Who Needs Stored Procedures, Anyways?
It's intended as sarcasm, but I believe this Daily WTF entry on Stored Procedures should be taken at face value:
I'm sure we've all heard, over and over, that inline SQL is generally a bad practice, and that we should use Stored Procedures when possible. But let's be realistic for a minute. Who wants to write a stupid stored procedure for every stupid little simple query needed.
Have you ever worked on a system where someone decreed* that all database calls must be Stored Procedures, and SQL is strictly verboten? I have, and this decision leads to incredible development pain:
- Stored Procedures typically cannot be debugged in the same IDE you write your UI. Every time I isolate an exception in the procs, I have to stop what I am doing, bust out my copy of Toad, and load up the database packages to see what's going wrong. Frequently transitioning between two totally different IDEs, with completely different interfaces and languages, is not exactly productive.
- Stored Procedures don't provide much feedback when things go wrong. Unless the proc is coded interally with weird T-SQL or PL/SQL exception handling, we get cryptic 'errors' returned based on the particular line inside the proc that failed, such as Table has no rows. Uh, ok?
- Stored Procedures can't pass objects. So, if you're not careful, you can end up with a zillion parameters. If you have to populate a table row with 20+ fields using a proc, say hello to 20+ parameters. Worst of all, if I pass a bad parameter-- either too many, not enough, or bad datatypes-- I get a generic "bad call" error. Oracle can't tell me which parameters are in error! So I have to pore over 20 parameters, by hand, to figure out which one is the culprit.
- Stored Procedures hide business logic. I have no idea what a proc is doing, or what kind of cursor (DataSet) or values it will return to me. I can't view the source code to the proc (at least, without resorting to #2 if I have appropriate access) to verify that it is actually doing what I think it is-- or what the designer intended it to do. Inline SQL may not be pretty, but at least I can see it in context, alongside the other business logic.
- Stored procedures generally result in improved performance because the database can optimize the data access plan used by the procedure and cache it for subsequent reuse.
- Stored procedures can be individually secured within the database. A client can be granted permissions to execute a stored procedure without having any permissions on the underlying tables.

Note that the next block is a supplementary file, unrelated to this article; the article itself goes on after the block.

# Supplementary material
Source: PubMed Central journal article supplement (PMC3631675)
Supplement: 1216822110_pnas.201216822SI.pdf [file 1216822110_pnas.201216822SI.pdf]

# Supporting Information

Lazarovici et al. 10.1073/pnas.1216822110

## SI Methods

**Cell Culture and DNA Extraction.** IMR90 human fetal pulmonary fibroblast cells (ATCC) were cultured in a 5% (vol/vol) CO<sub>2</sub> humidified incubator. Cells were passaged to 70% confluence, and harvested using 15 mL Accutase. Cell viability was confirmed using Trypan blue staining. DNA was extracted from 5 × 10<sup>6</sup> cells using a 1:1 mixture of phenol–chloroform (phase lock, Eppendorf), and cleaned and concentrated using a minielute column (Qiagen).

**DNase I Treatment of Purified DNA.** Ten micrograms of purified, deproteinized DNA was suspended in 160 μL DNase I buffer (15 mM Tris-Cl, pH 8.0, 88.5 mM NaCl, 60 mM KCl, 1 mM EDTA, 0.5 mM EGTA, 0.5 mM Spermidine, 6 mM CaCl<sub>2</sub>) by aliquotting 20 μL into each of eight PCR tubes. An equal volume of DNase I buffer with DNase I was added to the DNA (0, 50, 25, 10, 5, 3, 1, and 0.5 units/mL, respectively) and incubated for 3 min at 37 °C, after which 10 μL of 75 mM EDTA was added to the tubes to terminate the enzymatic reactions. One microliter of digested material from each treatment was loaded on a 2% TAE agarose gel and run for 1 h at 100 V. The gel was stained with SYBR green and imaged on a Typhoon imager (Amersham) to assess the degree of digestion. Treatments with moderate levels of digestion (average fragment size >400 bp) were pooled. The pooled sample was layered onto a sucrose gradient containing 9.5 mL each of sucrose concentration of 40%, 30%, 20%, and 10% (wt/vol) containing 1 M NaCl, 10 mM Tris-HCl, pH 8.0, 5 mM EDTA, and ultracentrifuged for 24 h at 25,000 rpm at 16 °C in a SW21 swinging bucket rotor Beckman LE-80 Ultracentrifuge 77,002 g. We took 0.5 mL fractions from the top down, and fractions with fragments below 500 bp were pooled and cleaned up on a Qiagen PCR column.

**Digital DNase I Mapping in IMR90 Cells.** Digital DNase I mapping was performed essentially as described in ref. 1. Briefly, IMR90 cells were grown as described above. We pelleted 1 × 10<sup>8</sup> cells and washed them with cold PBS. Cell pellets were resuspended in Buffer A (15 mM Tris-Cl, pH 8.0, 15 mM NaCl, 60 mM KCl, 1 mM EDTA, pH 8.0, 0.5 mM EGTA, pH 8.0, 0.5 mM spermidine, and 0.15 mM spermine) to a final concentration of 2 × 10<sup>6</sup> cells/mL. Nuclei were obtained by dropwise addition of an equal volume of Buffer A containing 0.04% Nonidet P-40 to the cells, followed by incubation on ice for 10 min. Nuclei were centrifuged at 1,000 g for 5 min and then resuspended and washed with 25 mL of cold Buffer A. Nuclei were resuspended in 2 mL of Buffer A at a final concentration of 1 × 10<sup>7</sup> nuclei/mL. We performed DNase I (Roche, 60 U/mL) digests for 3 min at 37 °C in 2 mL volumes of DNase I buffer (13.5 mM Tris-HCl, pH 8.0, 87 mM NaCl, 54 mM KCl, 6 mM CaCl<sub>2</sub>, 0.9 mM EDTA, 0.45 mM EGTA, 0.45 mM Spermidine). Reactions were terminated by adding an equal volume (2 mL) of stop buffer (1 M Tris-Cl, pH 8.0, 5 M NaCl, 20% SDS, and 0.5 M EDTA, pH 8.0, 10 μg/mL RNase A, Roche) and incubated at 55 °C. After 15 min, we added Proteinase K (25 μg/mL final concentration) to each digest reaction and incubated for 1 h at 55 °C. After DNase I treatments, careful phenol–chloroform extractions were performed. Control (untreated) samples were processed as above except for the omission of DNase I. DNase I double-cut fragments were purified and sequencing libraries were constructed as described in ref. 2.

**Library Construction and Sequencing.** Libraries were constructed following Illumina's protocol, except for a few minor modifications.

- Stored procedures result in easier maintenance because it is generally easier to modify a stored procedure than it is to change a hard-coded SQL statement within a deployed component.
- Stored procedures add an extra level of abstraction from the underlying database schema. The client of the stored procedure is isolated from the implementation details of the stored procedure and from the underlying schema.
- Stored procedures can reduce network traffic, because SQL statements can be executed in batches rather than sending multiple requests from the client.
And many people buy into this philosophy, lock stock and barrel:
At just about every talk I give I always try to make several consistent statements. One of which is: Ã¢â‚¬ËœWhenever possible use stored procedures to access your data'.
However, there's one small problem: none of these things are true in practice. The benefits are marginal, but the pain is substantial. And I'm not the only person that feels this way. John Lam also adds:
As a guy who dabbles in low-level bit twiddling stuff from time-to-time, the performance claims are quite interesting to me. The new (as of SQL Server 7.0) cached execution plan optimization in SQL Server looks to me a lot like JIT compilation. If this is, in fact, the case it seems to me that the only overhead that would be associated with dynamic SQL would be:
I can imagine quite a few scenarios where the above overhead would disappear into the noise of the network roundtrip. What upsets me are the folks who spout forth anecdotal arguments that claim stored procedures have "much better" performance than dynamic SQL.
- The amount of bandwidth + time it takes to transmit the dynamic SQL text to the database.
- The amount of time it takes to calculate the hash of the dynamic SQL text to look up the cached execution plan.
For modern databases and real world usage scenarios, I believe a Stored Procedure architecture has serious downsides and little practical benefit. Stored Procedures should be considered database assembly language: for use in only the most performance critical situations. There are plenty of ways to design a solid, high performing data access layer without resorting to Stored Procedures; you'll realize a lot of benefits if you stick with parameterized SQL and a single coherent development environment.
* "the man".